#MedEd and #Leadership: A Synopsis of a New Dutch Framework

By: Jamiu Busari 

A joint collaboration between the Platform for Medical Leadership and the University of Twente, the Netherlands

©2015, Platform Medisch Leiderschap / Universiteit Twente

In recent years, the landscape of health care delivery has undergone significant change;  this has required extensive reforms to physician training programs  because of increasing public expectations of the medical profession (1).  Simultaneously, the curricula of many physician training programs have been modified to include managerial and leadership competencies for physicians (2,3,4,5).

Similar to the medical leadership initiatives in the UK, Canada and Australia, a new competency framework for medical leadership has recently been developed in the Netherlands – the Dutch framework for medical leadership (DFML) (6).

The DFML was formally unveiled in July 2015 and is a product of a collaborative initiative between the Platform for Medical Leadership (PML) and the University of Twente (UT). The framework was developed using a mixed method qualitative approach. In addition to in-depth interviews (with a diverse group of doctors and non-medical stakeholders), a systematic review of the Dutch medical leadership literature, online surveys and focus group meetings with physicians from different sectors of the Dutch health care system were performed. Additional resources on leadership initiatives from other countries were also reviewed, including the medical leadership competency framework (MLCF) and LEADS framework (3-5, 7,8).

The DFML Framework

The DFML was intended primarily for physicians and physicians-in-training. However, the framework is applicable and useful for other health care professionals. Its objective is to provide the necessary knowledge, skills and attitudes needed for leadership in healthcare.

The content of the DFML aligns with the CanMEDS 2015 framework, and in particular with the new Leader Role (previously called the Manager Role). (7,8)  The competencies described in the DFML are considered to be unique for health care leaders, both within and outside the clinical workplace.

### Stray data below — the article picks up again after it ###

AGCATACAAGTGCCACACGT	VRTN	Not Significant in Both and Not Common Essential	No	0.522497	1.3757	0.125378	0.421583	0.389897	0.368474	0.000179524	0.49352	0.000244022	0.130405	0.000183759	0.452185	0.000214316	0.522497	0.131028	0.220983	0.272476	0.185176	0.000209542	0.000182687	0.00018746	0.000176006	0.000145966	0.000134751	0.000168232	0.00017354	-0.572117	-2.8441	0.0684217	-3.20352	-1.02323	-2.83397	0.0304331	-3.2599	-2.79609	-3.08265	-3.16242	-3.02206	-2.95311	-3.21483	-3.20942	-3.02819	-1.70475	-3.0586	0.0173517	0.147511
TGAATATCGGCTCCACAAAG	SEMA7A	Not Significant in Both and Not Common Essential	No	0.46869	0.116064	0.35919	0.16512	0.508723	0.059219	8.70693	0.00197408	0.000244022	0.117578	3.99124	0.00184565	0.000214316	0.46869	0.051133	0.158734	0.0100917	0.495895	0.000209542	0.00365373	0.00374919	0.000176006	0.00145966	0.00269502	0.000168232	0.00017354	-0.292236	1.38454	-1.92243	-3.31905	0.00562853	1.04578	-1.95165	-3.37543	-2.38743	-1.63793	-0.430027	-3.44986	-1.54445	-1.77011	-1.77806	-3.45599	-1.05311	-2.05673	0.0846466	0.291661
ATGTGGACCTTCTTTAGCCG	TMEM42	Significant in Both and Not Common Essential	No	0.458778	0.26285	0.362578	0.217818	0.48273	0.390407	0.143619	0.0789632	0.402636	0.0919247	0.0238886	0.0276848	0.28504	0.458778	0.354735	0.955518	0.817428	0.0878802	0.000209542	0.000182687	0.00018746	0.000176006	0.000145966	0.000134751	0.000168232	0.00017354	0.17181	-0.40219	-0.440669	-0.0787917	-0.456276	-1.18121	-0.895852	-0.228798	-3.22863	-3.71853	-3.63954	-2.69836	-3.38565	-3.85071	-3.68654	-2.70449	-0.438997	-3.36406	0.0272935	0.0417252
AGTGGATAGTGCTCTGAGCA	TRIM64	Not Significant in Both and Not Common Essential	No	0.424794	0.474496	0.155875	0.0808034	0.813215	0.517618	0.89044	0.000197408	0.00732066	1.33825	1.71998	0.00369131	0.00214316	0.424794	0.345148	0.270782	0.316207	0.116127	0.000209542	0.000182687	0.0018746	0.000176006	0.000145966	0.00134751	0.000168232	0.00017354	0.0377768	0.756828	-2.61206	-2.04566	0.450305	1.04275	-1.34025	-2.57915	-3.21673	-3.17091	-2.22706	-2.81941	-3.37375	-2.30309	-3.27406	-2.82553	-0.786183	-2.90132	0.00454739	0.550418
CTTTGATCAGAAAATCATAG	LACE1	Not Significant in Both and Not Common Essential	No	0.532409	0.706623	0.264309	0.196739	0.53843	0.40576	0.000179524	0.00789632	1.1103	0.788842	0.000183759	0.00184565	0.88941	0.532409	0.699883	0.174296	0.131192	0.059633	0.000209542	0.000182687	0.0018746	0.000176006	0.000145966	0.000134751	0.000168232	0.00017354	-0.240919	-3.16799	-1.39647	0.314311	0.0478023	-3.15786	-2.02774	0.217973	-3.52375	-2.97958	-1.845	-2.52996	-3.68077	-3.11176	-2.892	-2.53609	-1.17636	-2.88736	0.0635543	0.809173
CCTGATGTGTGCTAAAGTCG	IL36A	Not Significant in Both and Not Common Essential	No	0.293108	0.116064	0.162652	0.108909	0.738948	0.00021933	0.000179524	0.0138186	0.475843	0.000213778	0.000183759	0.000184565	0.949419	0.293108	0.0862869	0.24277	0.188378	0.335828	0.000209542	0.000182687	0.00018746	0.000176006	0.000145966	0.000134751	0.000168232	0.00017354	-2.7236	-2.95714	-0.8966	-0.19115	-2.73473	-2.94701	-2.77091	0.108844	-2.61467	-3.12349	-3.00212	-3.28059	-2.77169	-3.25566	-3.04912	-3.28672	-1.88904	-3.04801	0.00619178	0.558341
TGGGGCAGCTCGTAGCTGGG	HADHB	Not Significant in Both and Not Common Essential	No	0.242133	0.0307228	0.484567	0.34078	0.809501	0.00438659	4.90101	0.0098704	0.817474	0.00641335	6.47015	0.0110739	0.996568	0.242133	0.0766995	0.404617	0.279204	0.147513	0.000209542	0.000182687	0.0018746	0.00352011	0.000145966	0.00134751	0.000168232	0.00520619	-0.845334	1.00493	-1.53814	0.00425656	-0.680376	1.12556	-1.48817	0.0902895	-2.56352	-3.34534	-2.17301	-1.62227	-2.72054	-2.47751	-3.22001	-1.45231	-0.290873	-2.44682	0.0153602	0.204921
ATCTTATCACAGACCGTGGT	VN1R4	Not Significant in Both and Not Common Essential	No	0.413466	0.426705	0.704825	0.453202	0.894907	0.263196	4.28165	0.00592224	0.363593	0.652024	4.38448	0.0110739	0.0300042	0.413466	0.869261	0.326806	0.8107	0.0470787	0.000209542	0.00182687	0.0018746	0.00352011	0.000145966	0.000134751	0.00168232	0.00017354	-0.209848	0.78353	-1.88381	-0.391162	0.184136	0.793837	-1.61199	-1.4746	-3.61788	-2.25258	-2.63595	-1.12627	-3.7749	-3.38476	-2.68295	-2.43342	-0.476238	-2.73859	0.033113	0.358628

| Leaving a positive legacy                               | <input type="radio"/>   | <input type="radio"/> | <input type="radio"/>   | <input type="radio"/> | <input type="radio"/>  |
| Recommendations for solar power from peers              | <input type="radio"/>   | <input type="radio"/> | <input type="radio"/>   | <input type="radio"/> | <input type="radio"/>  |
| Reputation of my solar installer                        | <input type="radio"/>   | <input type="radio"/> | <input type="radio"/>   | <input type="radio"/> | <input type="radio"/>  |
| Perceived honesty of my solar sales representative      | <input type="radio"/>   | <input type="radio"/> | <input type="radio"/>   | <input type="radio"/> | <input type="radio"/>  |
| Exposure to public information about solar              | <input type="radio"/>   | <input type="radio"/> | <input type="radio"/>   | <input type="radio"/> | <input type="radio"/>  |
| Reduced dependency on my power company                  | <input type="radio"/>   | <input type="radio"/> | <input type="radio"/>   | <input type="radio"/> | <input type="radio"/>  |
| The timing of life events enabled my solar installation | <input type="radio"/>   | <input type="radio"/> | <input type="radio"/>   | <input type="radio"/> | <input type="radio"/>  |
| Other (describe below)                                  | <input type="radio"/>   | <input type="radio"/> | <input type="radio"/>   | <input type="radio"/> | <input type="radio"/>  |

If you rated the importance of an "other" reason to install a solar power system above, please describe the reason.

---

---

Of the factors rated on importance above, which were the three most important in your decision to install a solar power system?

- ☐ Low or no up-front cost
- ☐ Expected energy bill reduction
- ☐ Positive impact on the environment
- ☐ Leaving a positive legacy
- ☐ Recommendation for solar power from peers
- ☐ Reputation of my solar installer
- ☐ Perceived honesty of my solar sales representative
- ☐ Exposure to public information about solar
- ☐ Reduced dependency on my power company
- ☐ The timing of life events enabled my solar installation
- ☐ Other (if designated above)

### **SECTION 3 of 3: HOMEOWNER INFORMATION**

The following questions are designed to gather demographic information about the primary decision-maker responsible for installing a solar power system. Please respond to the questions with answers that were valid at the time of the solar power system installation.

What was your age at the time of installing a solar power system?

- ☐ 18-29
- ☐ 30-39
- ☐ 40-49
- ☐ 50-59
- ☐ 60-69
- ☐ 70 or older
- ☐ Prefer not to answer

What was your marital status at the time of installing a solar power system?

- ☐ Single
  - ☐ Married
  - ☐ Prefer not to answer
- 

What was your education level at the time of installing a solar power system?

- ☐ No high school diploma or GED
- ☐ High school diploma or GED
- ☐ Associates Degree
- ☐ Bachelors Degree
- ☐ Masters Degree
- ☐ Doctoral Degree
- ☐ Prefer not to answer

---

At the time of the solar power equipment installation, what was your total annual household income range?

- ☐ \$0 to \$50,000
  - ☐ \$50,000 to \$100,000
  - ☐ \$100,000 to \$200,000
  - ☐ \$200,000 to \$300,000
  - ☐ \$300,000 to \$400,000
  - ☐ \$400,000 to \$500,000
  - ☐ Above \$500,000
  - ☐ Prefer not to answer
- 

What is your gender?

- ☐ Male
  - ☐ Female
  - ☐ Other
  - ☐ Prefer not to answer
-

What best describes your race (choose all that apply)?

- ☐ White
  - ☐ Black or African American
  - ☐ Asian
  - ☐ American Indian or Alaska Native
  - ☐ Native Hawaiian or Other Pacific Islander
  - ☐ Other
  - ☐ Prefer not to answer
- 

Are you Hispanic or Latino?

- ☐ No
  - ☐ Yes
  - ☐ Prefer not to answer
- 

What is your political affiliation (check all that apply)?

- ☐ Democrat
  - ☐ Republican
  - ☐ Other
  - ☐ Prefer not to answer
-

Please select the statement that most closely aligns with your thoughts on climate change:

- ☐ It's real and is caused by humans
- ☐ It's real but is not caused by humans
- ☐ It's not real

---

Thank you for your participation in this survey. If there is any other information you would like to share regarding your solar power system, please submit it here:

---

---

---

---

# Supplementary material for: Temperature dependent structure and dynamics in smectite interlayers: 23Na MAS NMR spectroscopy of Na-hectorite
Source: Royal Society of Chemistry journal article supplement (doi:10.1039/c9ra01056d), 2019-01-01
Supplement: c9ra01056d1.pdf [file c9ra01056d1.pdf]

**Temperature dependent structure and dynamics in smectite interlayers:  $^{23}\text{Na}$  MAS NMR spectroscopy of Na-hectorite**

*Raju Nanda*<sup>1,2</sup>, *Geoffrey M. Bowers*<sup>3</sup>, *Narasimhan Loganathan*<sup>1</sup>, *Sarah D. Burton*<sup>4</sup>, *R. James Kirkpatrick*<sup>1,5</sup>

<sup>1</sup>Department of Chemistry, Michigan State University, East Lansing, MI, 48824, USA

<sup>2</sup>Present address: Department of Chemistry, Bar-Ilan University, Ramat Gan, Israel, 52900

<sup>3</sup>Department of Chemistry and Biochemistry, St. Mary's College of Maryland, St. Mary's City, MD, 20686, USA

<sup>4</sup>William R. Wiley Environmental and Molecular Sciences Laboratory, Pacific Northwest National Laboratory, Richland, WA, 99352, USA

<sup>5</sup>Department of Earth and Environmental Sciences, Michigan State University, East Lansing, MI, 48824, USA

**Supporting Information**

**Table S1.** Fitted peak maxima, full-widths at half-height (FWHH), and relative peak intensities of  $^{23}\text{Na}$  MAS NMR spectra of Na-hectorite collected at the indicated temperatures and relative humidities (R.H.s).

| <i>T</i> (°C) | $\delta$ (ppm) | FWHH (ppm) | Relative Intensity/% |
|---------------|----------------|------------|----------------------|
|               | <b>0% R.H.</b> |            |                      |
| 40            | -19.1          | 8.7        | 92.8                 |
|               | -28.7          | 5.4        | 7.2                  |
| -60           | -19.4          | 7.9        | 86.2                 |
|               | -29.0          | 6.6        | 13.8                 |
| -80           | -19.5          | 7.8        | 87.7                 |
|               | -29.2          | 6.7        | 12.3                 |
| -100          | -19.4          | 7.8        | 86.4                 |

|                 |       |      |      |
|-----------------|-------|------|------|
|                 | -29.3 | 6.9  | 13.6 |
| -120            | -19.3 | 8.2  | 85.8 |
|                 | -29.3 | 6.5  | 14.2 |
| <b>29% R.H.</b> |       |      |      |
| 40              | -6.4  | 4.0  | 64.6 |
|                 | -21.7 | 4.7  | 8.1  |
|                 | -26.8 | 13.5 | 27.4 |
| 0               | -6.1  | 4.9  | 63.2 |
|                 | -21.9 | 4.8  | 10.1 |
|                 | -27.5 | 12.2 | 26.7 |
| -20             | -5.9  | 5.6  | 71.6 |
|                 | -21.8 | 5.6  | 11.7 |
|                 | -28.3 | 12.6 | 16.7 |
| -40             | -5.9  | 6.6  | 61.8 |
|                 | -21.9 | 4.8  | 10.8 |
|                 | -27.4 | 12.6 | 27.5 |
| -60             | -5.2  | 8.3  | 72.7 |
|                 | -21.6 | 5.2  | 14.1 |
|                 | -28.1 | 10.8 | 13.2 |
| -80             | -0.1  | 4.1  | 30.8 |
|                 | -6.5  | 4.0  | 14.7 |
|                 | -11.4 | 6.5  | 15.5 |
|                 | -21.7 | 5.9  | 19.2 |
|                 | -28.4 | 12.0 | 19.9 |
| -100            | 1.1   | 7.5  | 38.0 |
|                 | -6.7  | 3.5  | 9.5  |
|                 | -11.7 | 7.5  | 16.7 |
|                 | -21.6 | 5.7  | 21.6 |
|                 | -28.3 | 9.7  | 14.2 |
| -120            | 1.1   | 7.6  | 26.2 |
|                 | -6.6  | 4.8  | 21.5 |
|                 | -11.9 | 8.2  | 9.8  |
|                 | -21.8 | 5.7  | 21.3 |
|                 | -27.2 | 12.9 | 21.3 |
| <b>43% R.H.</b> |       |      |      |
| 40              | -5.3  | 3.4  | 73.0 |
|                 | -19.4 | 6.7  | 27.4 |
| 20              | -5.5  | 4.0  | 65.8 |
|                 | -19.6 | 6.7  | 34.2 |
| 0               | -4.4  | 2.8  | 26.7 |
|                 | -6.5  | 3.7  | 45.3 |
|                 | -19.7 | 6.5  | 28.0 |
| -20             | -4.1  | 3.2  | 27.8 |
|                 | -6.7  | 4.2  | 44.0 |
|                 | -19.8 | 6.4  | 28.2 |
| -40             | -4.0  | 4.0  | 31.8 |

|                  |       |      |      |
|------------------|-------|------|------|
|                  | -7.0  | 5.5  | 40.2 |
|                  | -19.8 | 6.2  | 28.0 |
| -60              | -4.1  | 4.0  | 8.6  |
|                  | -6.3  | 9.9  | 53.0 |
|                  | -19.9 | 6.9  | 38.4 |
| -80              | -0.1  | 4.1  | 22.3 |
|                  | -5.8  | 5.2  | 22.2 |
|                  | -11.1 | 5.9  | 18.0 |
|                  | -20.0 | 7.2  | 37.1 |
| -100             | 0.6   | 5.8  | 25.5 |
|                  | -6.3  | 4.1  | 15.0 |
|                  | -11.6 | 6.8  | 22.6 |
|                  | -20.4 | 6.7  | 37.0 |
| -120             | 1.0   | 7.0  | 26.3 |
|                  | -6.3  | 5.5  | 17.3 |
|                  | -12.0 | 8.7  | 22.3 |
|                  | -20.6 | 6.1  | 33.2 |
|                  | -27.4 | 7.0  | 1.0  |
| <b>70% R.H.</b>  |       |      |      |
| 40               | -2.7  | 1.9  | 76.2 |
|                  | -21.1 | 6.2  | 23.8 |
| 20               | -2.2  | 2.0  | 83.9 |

The DFML consists of twelve competencies that have been clustered into three overlapping themes. These themes represent leadership capabilities that focus on 1) the individual 2) others within the healthcare system and 3) the society as a whole.  These 12 items include:

  1. Leading with vision: having both a personal and shared vision within the healthcare team and the organization
  2. Personal development: continuous personal development and optimal development of own knowledge and conduct
  3. Exemplary behavior/role modeling: awareness of attitudes and behaviors that have an impact on others
  4. Presence/visibility: being aware of the visibility of a health professional in different functions and roles
  5. Taking Responsibility: taking on shared responsibility for the care process and the the outcome of care
  6. Exerting Influence: the ability to exert influence at different levels of care for the benefit of patients, professionals, organization and society as a whole.
  7. Coaching and leading others: informal and formal methods of coaching and managing others regardless of the stage of training, discipline or work experience
  8. Bridging connections/building networks: working with patients, colleagues and others, including multidisciplinary teams.
  9. Organizing/managing healthcare: exerting influence on the efficient organization and process of care
  10. Improve quality of care: maintaining and enhancing the quality of care and health policy
  11. Sustainable use of resources: coordinating the responsible funding and budgeting of health care services
  12. Entrepreneurship and Innovation: providing oversight for the relevant changes and developments both within and outside the domain of medical practice

As societal expectations of health care delivery change, all health care professionals (doctors especially) have a leadership obligation. The traditional view of leadership being linked to a title or position must be broadened to a conceptualization of  leadership as a catalyst for change within the health care system.

RML-Figuur-3 (1).png

References

  1. Frenk J, Chen L, Bhutta ZA, Cohen J, Crisp N, Evans T, et al. Health professionals for a new century: transforming education to strengthen health systems in an interdependent world. Lancet. 2010; 376(9756): 1923-1958.
  2. Warren OJ, Carnall R. Medical leadership: why it’s important, what is required, and how we develop it. Postgrad Med J. 2011;87:27-32.
  3. NHS Institute for Innovation and Improvement and Academy of Medical Royal Colleges. Medical leadership competency framework: enhancing engagement in medical leadership. 3rd ed. Coventry: NHS Institute for Innovation and Improvement and Academy of Medical Royal Colleges 2010 July.
  4. LEADS in a caring environment framework, Canadian college of health leaders
  5. Health Workforce Australia [2013]: Health LEADS Australia: the Australian Health Leadership Framework 
  6. Raamwerk Medisch Leiderschap (Dutch Framework for medical leadership)
  7. Dath D, Chan M-K, Abbott C. CanMEDS 2015: From Manager to Leader, Ottawa: The Royal College of Physicians and Surgeons of Canada; 2015 March
  8. Frank JR, Snell L, Sherbino J, editors. The CanMEDS 2015 Milestones Guide. Ottawa: Royal College of Physicians and Surgeons of Canada; 2014 September